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Proceedings Paper

New results from the first exoplanet survey in the Canadian High Arctic
Author(s): Nicholas M. Law; Raymond Carlberg; Octavi Fors; Eric Steinbring; Wayne Ngan; Philip Wulfken; Bjorn Pedersen; Jérôme Maire; Suresh Sivanandam
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Paper Abstract

We present new results from the first search for transiting exoplanets undertaken from the High Arctic: the AWCam (Arctic Wide-field Cameras) survey. The survey, which has been operating for 2.5 years, is based at 80 degrees North on Ellesmere Island in the Canadian High Arctic. The small telescopes monitor 70,000 bright stars in a several-hundred square-degree region around Polaris, with milli-magnitude photometric precision, and are capable of discovering giant planets around 10,000 bright, nearby solar-type stars. We present the first longterm monitoring results from the AWCams, including an assessment of the site characteristics and the systems' long-term performance. The High-Arctic site provided excellent survey efficiency, without diurnal windowing and largely uninterrupted by clouds. Useful data was obtained over the entire survey field 71% of the time; the sky was clear 62% of the time. One pristine clear, dark period in winter 2012/13 persisted for 480 hours. In 2012/13 we recorded a period of 480 hours of continuous photometric conditions, attaining 3-4 millimag photometric stability over the entire period. We report the long-term photometric performance of the AWCam systems and detail the discovery of a bright (V=8) low-amplitude eclipsing binary. Finally, we present a concept for an extremely-wide-field arctic survey based on the Evryscope telescope-array design.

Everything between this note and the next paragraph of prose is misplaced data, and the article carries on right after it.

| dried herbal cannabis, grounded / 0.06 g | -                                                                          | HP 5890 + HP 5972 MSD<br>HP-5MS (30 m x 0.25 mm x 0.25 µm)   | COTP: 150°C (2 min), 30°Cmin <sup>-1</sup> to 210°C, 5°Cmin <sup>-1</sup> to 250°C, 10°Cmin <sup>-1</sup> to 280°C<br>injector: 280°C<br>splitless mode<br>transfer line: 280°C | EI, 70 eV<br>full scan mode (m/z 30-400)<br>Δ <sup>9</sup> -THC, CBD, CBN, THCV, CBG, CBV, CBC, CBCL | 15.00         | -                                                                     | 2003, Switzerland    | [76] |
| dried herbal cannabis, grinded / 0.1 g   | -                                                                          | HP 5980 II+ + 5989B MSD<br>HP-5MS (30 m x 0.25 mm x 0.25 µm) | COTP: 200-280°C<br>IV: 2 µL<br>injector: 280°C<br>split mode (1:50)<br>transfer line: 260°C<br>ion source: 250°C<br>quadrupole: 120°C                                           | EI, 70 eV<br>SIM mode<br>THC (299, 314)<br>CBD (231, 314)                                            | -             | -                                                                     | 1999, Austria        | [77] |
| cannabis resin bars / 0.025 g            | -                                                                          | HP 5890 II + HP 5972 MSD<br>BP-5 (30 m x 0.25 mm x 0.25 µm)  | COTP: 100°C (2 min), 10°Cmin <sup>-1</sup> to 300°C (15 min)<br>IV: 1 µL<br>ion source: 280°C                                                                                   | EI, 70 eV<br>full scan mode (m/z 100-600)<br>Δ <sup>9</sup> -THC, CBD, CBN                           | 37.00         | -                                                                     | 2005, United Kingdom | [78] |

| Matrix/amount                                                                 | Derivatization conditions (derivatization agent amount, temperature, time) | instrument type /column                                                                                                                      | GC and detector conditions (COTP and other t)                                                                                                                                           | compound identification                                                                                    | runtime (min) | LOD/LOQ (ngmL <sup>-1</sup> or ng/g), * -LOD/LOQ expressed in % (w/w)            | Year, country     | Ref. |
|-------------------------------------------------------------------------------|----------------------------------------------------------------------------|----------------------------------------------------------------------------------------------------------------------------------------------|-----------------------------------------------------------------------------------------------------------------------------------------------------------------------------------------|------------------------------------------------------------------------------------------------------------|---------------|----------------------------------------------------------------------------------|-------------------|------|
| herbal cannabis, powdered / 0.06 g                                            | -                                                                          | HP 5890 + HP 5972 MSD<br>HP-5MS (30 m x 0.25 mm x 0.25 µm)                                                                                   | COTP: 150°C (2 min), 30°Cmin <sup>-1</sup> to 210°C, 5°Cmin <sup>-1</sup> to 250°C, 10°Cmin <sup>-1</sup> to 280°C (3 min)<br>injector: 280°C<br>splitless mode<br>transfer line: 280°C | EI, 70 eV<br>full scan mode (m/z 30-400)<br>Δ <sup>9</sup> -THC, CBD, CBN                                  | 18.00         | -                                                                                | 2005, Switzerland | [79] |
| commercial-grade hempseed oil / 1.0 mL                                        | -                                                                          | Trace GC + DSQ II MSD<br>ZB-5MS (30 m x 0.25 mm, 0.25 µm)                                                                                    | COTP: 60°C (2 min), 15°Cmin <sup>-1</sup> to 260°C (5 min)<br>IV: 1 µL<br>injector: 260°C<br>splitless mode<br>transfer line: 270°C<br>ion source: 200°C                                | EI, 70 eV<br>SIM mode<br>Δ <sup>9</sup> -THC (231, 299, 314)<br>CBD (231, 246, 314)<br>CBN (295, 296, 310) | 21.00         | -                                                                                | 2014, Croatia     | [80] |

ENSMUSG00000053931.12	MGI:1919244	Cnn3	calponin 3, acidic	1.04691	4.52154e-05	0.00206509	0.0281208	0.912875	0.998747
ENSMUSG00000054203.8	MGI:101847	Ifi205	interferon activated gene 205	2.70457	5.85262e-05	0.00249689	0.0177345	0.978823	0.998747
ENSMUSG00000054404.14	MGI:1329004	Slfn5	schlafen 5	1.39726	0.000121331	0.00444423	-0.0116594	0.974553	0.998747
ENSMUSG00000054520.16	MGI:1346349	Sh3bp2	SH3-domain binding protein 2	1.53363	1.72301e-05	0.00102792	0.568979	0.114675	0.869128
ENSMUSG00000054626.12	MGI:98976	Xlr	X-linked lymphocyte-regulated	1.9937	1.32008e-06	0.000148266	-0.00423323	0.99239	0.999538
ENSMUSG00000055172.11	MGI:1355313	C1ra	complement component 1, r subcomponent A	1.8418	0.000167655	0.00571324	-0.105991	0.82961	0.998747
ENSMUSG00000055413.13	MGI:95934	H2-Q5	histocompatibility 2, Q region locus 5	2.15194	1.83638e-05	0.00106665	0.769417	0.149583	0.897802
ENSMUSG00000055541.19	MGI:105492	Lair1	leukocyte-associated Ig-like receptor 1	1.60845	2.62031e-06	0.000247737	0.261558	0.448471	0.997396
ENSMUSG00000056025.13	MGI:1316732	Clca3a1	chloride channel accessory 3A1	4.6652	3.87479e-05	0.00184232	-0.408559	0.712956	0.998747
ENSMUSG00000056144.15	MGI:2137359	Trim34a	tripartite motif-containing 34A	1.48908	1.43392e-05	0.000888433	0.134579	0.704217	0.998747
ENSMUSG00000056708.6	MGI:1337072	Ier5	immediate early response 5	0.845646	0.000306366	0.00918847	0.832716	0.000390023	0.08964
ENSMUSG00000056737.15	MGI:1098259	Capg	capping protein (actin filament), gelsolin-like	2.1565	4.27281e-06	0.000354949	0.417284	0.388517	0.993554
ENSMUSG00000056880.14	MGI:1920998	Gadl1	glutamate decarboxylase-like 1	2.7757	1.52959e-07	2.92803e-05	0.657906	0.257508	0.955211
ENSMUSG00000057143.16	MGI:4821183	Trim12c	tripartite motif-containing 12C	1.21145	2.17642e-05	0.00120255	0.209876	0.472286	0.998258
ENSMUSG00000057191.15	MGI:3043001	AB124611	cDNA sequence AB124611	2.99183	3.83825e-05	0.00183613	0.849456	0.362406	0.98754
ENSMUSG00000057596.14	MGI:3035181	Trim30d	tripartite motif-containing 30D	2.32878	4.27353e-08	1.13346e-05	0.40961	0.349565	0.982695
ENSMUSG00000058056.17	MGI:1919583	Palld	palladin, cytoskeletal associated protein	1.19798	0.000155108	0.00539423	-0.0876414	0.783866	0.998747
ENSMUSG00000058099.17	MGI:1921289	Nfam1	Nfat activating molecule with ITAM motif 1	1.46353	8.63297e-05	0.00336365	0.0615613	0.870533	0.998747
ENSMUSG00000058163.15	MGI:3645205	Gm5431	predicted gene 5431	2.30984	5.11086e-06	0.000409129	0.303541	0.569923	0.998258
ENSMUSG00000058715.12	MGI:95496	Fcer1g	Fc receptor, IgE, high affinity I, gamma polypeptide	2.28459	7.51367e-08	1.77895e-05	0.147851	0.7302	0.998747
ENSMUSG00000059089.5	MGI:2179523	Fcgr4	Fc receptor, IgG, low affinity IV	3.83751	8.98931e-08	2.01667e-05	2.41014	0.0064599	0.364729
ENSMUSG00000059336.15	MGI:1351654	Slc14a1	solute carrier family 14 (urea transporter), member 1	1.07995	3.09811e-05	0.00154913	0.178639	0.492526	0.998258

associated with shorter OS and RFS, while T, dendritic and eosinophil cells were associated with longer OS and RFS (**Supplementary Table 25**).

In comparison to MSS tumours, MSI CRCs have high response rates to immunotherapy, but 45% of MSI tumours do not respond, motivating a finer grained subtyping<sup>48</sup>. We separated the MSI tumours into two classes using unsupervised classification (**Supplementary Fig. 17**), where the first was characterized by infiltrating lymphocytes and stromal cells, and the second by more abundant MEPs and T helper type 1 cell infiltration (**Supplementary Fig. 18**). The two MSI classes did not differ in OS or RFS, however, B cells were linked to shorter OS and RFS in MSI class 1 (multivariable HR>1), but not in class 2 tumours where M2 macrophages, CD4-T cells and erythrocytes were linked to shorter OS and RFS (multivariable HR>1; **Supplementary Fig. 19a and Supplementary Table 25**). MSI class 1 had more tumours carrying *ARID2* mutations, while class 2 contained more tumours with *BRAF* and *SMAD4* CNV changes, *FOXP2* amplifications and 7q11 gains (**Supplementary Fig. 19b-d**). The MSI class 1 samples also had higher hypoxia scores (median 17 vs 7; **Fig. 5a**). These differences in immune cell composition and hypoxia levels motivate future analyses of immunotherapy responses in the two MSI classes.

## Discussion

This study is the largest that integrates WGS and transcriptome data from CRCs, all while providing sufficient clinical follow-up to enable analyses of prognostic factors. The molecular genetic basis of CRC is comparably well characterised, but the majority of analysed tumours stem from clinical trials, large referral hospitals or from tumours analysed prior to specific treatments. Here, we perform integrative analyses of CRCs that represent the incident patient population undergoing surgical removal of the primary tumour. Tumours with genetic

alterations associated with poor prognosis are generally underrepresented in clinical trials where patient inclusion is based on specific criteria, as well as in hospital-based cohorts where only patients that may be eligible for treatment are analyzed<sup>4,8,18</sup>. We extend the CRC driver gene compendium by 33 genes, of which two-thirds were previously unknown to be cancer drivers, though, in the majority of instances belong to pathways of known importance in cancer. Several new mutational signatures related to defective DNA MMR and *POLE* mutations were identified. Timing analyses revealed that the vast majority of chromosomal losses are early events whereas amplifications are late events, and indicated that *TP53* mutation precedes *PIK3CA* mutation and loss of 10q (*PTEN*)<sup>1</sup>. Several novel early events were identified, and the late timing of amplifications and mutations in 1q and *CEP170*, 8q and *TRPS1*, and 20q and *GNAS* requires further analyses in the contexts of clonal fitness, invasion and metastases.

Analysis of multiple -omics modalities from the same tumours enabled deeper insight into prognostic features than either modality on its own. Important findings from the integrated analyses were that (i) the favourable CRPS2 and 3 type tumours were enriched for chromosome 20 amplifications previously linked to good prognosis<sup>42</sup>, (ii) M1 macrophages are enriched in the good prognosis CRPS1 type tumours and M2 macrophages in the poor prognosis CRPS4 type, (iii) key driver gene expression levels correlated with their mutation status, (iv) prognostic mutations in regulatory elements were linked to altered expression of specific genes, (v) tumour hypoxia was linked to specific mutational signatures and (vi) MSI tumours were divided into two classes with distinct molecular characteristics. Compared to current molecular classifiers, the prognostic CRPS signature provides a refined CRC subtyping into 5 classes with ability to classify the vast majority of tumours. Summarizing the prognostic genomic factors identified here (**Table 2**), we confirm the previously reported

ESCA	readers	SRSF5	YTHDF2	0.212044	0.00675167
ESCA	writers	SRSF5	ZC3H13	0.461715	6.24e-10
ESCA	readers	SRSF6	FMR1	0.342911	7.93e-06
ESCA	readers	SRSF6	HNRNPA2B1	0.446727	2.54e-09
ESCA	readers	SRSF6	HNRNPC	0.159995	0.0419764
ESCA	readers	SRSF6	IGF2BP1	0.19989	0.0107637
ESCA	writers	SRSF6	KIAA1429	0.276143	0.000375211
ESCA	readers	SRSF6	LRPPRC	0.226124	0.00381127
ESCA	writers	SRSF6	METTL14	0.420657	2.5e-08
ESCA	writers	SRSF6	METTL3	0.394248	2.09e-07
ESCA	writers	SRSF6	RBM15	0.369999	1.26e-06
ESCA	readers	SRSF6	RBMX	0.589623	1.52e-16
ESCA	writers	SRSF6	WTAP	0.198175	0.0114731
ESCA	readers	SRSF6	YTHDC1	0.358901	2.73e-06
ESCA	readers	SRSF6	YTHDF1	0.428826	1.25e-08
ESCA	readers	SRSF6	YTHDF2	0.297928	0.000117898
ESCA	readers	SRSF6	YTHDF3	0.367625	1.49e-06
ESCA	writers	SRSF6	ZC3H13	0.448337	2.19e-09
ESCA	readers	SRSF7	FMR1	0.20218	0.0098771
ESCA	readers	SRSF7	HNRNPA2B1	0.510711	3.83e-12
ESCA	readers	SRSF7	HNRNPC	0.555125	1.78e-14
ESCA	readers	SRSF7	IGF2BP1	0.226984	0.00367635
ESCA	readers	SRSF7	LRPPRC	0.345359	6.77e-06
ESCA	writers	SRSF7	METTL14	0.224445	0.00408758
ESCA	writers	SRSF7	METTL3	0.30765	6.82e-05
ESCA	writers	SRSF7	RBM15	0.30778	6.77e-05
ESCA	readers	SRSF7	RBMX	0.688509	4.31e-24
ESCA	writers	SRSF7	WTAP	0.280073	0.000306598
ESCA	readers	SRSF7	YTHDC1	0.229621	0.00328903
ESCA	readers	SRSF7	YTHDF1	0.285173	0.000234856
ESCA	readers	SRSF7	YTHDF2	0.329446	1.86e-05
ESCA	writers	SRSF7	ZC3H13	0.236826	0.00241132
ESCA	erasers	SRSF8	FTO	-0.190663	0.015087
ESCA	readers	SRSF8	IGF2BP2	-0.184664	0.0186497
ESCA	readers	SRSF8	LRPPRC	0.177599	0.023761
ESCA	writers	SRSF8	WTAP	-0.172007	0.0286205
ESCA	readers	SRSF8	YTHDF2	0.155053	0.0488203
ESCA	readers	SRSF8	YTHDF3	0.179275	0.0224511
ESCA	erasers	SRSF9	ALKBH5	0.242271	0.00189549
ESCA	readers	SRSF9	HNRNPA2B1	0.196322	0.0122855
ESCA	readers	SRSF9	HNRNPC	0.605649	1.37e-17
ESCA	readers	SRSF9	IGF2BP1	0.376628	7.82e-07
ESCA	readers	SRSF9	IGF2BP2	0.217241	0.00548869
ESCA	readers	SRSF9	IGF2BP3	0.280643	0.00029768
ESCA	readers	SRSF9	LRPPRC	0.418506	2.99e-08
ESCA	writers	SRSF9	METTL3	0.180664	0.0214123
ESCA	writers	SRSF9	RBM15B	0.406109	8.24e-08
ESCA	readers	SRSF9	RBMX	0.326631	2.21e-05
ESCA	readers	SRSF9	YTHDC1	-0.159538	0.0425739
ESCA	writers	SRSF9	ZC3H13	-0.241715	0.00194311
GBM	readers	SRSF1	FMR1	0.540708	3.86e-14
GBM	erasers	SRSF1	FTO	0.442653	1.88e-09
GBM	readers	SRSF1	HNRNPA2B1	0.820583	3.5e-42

Paper Details

Date Published: 22 July 2014
PDF: 9 pages
Proc. SPIE 9145, Ground-based and Airborne Telescopes V, 91450H (22 July 2014); doi: 10.1117/12.2057009
Show Author Affiliations
Nicholas M. Law, The Univ. of North Carolina at Chapel Hill (United States)
Raymond Carlberg, Univ. of Toronto (Canada)
Octavi Fors, The Univ. of North Carolina at Chapel Hill (United States)
Eric Steinbring, NRC - Herzburg Institute of Astrophysics (Canada)
Wayne Ngan, Univ. of Toronto (Canada)
Philip Wulfken, Univ. of North Carolina at Chapel Hill (United States)
Bjorn Pedersen, Univ. of North Carolina at Chapel Hill (United States)
Jérôme Maire, Univ. of Toronto (Canada)
Suresh Sivanandam, Univ. of Toronto (Canada)

Published in SPIE Proceedings Vol. 9145:
Ground-based and Airborne Telescopes V
Larry M. Stepp; Roberto Gilmozzi; Helen J. Hall, Editor(s)

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